When Did Plumbing Start?


When you think about plumbing, chances are you think about running water and a toilet that flushes. While you probably take these modern conveniences for granted, it wasn’t always that way. In fact, it took thousands of years for plumbing to get where it is today. Here’s a look at the key milestones in plumbing history that got us to where we are now.

It’s possible that plumbing originated in Mesopotamia as early as 3000 B.C. Archeological evidence suggests people started using simple copper pipes to transport water around the house or temple. They also constructed slanted tile drains that would carry waste to cesspools or sewer systems made of clay pipes that ran into the river.

In the 12th century, monks began building stone or wooden lavatories to wash their hands before meals. These structures were often built over rivers or lakes, and monks placed great importance on cleanliness. To eliminate the stench of waste and the risk of infection, they used water to flush away sewage and keep the area clean.

When Did Plumbing Start?

The ancient Egyptians are also credited with creating the first modern plumbing system. They created techniques to make copper alloys, allowing them to build water pipes that were more effective than their clay counterparts. They also developed a plumbing system for the afterlife, putting in place draining bathtubs and other bathroom necessities in their pyramids for Pharaohs to enjoy.

Around 500 B.C., Romans developed complex ancient plumbing systems, including aqueducts, underground sewers and public baths, along with bronze and lead piping. The Romans were particularly good at engineering, and they created a huge empire that rivaled the size of our own.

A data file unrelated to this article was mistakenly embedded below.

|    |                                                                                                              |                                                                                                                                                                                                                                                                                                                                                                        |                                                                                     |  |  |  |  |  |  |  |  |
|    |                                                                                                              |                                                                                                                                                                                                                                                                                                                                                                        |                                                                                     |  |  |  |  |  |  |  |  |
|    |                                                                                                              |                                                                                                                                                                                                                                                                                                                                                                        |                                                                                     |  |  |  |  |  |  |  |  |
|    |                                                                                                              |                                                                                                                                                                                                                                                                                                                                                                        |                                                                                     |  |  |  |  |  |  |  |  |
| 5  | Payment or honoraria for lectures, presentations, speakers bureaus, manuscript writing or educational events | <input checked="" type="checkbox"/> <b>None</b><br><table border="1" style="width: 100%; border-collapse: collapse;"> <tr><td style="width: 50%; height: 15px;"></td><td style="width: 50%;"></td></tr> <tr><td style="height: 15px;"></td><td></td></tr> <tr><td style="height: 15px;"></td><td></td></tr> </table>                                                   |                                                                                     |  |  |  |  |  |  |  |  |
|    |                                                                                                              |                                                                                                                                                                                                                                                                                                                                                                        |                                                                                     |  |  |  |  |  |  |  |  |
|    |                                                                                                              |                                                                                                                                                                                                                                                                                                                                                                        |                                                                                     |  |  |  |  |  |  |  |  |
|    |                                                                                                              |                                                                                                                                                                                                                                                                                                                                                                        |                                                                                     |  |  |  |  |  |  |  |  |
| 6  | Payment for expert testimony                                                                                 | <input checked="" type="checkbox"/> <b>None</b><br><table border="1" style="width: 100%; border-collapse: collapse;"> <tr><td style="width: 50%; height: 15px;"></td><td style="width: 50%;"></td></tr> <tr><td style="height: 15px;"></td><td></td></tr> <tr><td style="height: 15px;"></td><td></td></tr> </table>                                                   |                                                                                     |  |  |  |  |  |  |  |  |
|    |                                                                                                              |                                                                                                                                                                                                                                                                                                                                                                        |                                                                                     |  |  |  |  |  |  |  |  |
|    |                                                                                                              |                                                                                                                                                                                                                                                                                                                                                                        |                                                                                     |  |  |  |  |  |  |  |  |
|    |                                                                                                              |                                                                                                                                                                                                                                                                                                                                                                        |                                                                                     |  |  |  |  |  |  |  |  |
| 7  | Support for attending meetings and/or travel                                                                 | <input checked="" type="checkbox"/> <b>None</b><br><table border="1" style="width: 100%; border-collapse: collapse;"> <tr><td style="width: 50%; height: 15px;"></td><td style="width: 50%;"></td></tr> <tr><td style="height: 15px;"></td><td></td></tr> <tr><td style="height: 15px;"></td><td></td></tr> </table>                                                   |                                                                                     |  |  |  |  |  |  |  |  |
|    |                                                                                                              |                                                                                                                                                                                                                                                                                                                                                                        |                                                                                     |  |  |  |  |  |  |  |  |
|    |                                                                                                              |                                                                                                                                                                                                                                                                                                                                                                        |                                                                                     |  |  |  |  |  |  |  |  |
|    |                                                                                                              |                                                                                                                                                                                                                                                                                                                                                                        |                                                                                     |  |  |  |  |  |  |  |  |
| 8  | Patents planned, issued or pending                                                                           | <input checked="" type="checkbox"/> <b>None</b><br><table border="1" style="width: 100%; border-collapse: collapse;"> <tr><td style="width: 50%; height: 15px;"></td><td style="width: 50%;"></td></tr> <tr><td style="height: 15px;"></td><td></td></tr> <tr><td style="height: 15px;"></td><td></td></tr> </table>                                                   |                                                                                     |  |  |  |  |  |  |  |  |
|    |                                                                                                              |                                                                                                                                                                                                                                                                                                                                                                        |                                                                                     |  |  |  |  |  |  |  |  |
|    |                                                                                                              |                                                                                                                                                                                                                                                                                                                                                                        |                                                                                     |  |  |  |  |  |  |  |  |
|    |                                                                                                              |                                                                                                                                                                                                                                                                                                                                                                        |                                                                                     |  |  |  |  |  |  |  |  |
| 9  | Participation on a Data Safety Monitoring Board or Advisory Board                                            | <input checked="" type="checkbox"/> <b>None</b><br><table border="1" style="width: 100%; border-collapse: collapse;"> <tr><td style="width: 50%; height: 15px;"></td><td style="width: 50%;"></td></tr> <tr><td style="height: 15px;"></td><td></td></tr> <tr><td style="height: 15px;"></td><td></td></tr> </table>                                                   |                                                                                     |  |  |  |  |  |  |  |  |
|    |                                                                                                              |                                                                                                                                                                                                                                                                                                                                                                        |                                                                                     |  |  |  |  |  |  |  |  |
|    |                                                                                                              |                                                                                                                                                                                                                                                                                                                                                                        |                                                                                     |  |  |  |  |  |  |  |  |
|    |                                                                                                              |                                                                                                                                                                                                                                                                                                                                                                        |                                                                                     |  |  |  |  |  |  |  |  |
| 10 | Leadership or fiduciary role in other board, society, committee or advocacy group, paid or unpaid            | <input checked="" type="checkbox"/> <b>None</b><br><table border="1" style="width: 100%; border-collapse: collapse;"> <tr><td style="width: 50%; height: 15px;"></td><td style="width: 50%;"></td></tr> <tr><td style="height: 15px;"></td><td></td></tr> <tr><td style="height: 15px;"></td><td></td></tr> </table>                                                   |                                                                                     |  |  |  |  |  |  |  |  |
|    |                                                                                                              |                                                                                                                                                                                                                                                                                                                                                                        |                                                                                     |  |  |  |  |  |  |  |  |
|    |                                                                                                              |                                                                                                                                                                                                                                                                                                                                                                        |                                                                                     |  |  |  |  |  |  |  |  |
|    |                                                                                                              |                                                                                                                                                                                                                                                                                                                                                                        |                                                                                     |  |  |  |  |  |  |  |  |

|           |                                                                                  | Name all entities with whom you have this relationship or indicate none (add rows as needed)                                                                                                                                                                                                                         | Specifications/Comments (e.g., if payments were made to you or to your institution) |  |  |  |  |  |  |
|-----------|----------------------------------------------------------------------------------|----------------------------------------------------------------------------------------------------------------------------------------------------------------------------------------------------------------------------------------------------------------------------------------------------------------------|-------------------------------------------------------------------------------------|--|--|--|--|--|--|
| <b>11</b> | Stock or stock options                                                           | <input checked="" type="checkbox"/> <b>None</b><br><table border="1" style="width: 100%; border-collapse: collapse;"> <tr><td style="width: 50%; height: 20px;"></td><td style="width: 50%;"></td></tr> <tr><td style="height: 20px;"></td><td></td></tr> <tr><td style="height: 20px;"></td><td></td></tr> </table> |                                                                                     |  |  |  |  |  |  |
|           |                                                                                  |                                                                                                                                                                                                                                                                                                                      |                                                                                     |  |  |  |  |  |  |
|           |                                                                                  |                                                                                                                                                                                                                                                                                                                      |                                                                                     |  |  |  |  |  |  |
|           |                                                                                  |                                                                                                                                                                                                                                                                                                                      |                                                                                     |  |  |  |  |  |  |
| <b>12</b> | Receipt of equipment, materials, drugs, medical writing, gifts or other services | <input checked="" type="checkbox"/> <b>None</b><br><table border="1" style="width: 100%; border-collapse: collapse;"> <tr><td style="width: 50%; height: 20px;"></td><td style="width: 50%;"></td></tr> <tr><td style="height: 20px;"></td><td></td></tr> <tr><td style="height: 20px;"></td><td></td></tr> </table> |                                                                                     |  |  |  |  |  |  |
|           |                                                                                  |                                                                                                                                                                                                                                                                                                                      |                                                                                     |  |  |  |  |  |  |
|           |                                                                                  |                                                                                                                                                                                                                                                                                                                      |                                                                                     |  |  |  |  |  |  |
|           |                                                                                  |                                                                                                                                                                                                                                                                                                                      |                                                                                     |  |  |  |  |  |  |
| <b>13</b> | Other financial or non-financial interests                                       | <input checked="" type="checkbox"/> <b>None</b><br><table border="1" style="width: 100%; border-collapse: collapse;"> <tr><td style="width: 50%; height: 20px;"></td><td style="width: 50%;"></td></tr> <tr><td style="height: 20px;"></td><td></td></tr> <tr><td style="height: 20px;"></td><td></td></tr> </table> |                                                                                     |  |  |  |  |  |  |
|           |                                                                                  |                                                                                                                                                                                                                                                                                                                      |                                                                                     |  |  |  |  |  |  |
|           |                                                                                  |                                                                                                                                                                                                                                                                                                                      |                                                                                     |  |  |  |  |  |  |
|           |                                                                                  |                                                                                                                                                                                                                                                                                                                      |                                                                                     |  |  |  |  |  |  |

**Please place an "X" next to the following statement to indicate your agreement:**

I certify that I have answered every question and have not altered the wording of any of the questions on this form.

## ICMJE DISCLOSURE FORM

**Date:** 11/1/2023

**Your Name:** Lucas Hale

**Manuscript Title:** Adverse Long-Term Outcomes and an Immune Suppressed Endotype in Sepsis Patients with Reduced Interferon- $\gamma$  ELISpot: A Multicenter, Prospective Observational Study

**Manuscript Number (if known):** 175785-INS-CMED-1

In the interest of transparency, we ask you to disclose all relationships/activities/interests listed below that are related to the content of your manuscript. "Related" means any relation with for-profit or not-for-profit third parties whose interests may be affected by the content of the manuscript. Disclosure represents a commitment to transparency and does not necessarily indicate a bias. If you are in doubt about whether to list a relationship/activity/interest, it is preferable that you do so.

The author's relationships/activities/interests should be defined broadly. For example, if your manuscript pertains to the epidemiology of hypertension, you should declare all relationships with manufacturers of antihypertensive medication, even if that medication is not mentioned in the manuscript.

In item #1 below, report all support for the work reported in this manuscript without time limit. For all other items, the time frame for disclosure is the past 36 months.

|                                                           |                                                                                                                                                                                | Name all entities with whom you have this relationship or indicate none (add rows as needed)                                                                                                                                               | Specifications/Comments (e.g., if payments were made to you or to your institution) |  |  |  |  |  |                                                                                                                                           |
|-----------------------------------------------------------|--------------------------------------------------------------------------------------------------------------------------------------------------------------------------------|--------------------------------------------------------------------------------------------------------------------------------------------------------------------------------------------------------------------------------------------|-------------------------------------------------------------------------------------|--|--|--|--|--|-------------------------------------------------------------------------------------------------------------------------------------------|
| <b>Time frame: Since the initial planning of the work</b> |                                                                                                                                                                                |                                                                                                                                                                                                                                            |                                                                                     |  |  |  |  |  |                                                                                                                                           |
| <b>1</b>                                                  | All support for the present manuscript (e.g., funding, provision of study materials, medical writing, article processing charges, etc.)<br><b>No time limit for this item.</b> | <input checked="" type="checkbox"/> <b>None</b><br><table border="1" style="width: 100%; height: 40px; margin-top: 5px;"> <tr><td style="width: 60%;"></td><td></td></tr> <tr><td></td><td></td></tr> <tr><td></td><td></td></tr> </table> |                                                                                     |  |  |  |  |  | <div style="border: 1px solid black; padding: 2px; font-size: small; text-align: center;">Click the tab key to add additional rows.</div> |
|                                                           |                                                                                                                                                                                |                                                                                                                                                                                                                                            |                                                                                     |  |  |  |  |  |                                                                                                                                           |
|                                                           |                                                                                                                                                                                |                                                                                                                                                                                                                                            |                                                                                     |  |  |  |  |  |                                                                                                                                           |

By the 18th century, many European cities had extensive sewer systems. However, they weren’t yet connected to each other, so waste from one city could contaminate the waters in another. This is what led to the cholera epidemics in New York in 1776 and 1849.

It’s important to note that while the majority of the world now has indoor plumbing, there are still 785 million people who lack basic plumbing services and 884 million without clean drinking water. This is a huge problem that we can help to solve by avoiding wasteful water practices, such as not overwatering lawns and turning off water fountains that aren’t needed.

In the United States, the first large-scale plumbing project was in Philadelphia in 1804. Its cast iron water and sewage pipes are considered the earliest examples of modern municipal systems. It wasn’t until the early 1900s that plumbing was widely available to everyone, including tenement buildings in cities like New York. Today, the future of plumbing revolves around efficiency. We’re seeing a lot of smart technology that can control appliances in our homes, making them more efficient and reducing energy consumption. We’re also seeing a shift toward smaller, more compact toilets that are easier to install and use less water. We’re likely to see more innovations like these in the future.

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